'Come Away': Film Review | Sundance 2020

Come Away Still - Publicity - H 2020
Courtesy of Sundance Institute

'Come Away'

Surprisingly dour for a kids' movie invoking two storybook icons.

David Oyelowo and Angelina Jolie play the parents of Peter Pan and Wonderland's Alice in the first live-action feature by 'Brave' director Brenda Chapman.

An airless film about childhood fantasies that comes to life only fitfully, Brenda Chapman's Come Away is aimed at children but so pickled in grown-up grief that few kids are likely to connect with it. Making her live-action debut after directing the 2012 Pixar hit Brave, Chapman finds some charming ways to visualize her young heroes' imaginings, but is less successful at connecting with the characters as flesh-and-blood children. A wealth of familiar storybook material and a cast including Angelina Jolie and David Oyelowo will draw attention, but a handsome production and beautiful cast aren't enough to get this fantasy off the ground.

The film's conceit is that Peter Pan (Jordan Nash) and the Alice who explored Wonderland (Keira Chansa) were brother and sister, who once lived an idyllic life in the English countryside with their brother David (Reece Yates) and parents Rose and Jack Littleton (Jolie and Oyelowo). The siblings frolic constantly in the woods, and Chapman's camera sees the elements of their make-believe (bows and arrows, pirate ships) as vividly as they do. Indoors, the scene is so gentle and loving it seems encased in amber, except for those occasions when Rose's sour sister Eleanor (Anna Chancellor) comes around, full of opinions about how girls like Alice should properly be raised.

From the start, Chapman and screenwriter Marissa Kate Goodhill fill the frame with objects that allude to the worlds Lewis Carroll and J. M. Barrie created. Stuffed white rabbits and looking glasses, pocket watches and lifelike shadows fill the Littletons' world, and on occasion the film makes a big deal about it: A very pleased-with-herself Rose sits Alice down to give her a tiny bell she had a tinker make, and when the child isn't impressed, she spins a tale about how it's the earthly form of Alice's very own personal fairy. It's one of the sweeter moments in a film that sometimes, as with recurring talk of the "dream dust" that grants access to the fantasy world, lays things on a little thick.

Then, as Peter and David are off near a lake fighting imaginary swordsmen, the sky darkens and thunder rumbles. We don't need an additional shot of hundreds of black birds taking flight to know something horrible is about to happen, but we get it. Suddenly David is dead, and the Littleton home will never be cheerful again.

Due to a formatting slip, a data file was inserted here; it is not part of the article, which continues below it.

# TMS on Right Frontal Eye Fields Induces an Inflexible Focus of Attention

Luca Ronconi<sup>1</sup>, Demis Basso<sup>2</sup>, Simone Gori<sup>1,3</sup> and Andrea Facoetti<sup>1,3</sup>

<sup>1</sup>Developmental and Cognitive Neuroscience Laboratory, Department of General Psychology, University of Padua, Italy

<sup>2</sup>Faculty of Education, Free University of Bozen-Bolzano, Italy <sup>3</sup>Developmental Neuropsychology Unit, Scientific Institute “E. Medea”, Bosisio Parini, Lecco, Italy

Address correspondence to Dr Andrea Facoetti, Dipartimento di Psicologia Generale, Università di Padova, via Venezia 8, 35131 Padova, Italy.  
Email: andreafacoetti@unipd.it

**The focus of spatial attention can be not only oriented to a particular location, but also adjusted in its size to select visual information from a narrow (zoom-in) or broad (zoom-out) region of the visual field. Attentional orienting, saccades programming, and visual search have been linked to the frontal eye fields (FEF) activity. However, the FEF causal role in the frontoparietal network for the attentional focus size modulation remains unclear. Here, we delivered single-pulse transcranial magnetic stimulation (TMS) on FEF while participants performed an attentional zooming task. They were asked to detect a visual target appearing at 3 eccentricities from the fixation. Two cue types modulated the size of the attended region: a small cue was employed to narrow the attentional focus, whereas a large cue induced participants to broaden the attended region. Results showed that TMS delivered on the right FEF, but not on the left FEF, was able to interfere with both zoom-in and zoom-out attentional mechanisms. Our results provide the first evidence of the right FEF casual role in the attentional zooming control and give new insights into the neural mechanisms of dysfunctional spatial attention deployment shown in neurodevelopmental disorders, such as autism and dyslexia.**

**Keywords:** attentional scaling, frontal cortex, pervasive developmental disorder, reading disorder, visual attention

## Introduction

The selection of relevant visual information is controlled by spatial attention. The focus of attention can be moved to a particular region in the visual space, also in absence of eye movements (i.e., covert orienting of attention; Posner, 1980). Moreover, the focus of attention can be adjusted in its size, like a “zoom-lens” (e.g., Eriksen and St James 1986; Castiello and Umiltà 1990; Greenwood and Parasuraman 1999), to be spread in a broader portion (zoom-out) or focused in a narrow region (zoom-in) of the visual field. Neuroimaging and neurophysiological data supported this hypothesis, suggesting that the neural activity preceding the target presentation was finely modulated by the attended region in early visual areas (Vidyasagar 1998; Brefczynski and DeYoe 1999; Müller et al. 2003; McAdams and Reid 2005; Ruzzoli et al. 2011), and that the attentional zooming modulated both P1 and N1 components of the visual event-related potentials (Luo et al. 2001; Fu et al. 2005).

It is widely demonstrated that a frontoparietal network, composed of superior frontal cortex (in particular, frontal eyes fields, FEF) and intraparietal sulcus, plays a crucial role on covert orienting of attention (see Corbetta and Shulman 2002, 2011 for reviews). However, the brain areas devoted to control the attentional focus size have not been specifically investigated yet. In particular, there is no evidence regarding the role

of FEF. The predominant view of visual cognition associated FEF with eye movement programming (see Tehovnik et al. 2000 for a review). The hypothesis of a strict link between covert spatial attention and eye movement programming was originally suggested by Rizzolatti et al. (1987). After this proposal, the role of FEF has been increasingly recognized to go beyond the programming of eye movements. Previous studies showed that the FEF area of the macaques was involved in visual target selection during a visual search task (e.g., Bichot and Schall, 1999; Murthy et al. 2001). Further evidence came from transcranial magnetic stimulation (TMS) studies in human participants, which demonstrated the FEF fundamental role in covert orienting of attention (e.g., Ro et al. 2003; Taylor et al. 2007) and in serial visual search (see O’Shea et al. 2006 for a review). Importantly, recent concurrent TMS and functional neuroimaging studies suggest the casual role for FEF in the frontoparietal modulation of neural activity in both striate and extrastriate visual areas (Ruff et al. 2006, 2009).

Loss is a staple of children's tales, of course. But Come Away spends most of its long-feeling running time exploring the shadow of this event. Rose begins to drink, goes maybe slightly mad, is distant with her surviving children; Jack returns to a London underworld he had given up for Rose, attracting the attention of villainous creditors. Aunt Eleanor plants seeds of snobbery in Alice. And poor Peter, feeling responsible for his brother's death, imagines that his life is elsewhere, off with some band of Lost Boys. When he hatches a plan to get their dad out of debt, it's so wrong-headed there's no way to enjoy its fantasy elements. (Though an encounter with a top-hat wearing oddball played by Clarke Peters contains more mystery in its brief minutes than most of the rest of the film.)

A framing device finds a grown-up Alice (Gugu Mbatha-Raw) recounting parts of this story to her own children — Wendy, Michael and John — and the film does intend to tie itself up nicely into the stories as we know them. But that presents hard emotional work for the viewer: How are we to connect the dots between this birth of Peter Pan and the wonders he'll later show to Wendy and her brothers, without just feeling sad for the boy who never grew up, and for a family that lost not one but two sons in that fateful lightning storm?

Venue: Sundance Film Festival (Kids)
Production company: Fred Films
Cast: Jordan Nash, Keira Chansa, Reece Yates, David Oyelowo, Angelina Jolie, Anna Chancellor, Michael Caine, Clarke Peters, David Gyasi, Gugu Mbatha-Raw
Director: Brenda Chapman
Screenwriter: Marissa Kate Goodhill
Producers: Leesa Kahn, James Spring, David Oyelowo, Steve Richards, Andrea Keir
Director of photography: Jules O'Loughlin
Production designer: Luciana Arrighi
Costume designer: Louise Stjernsward
Editor: Dody Dorn
Composer: John Debney
Casting directors: Reg Poerscout-Edgerton, Lillie Jeffrey

94 minutes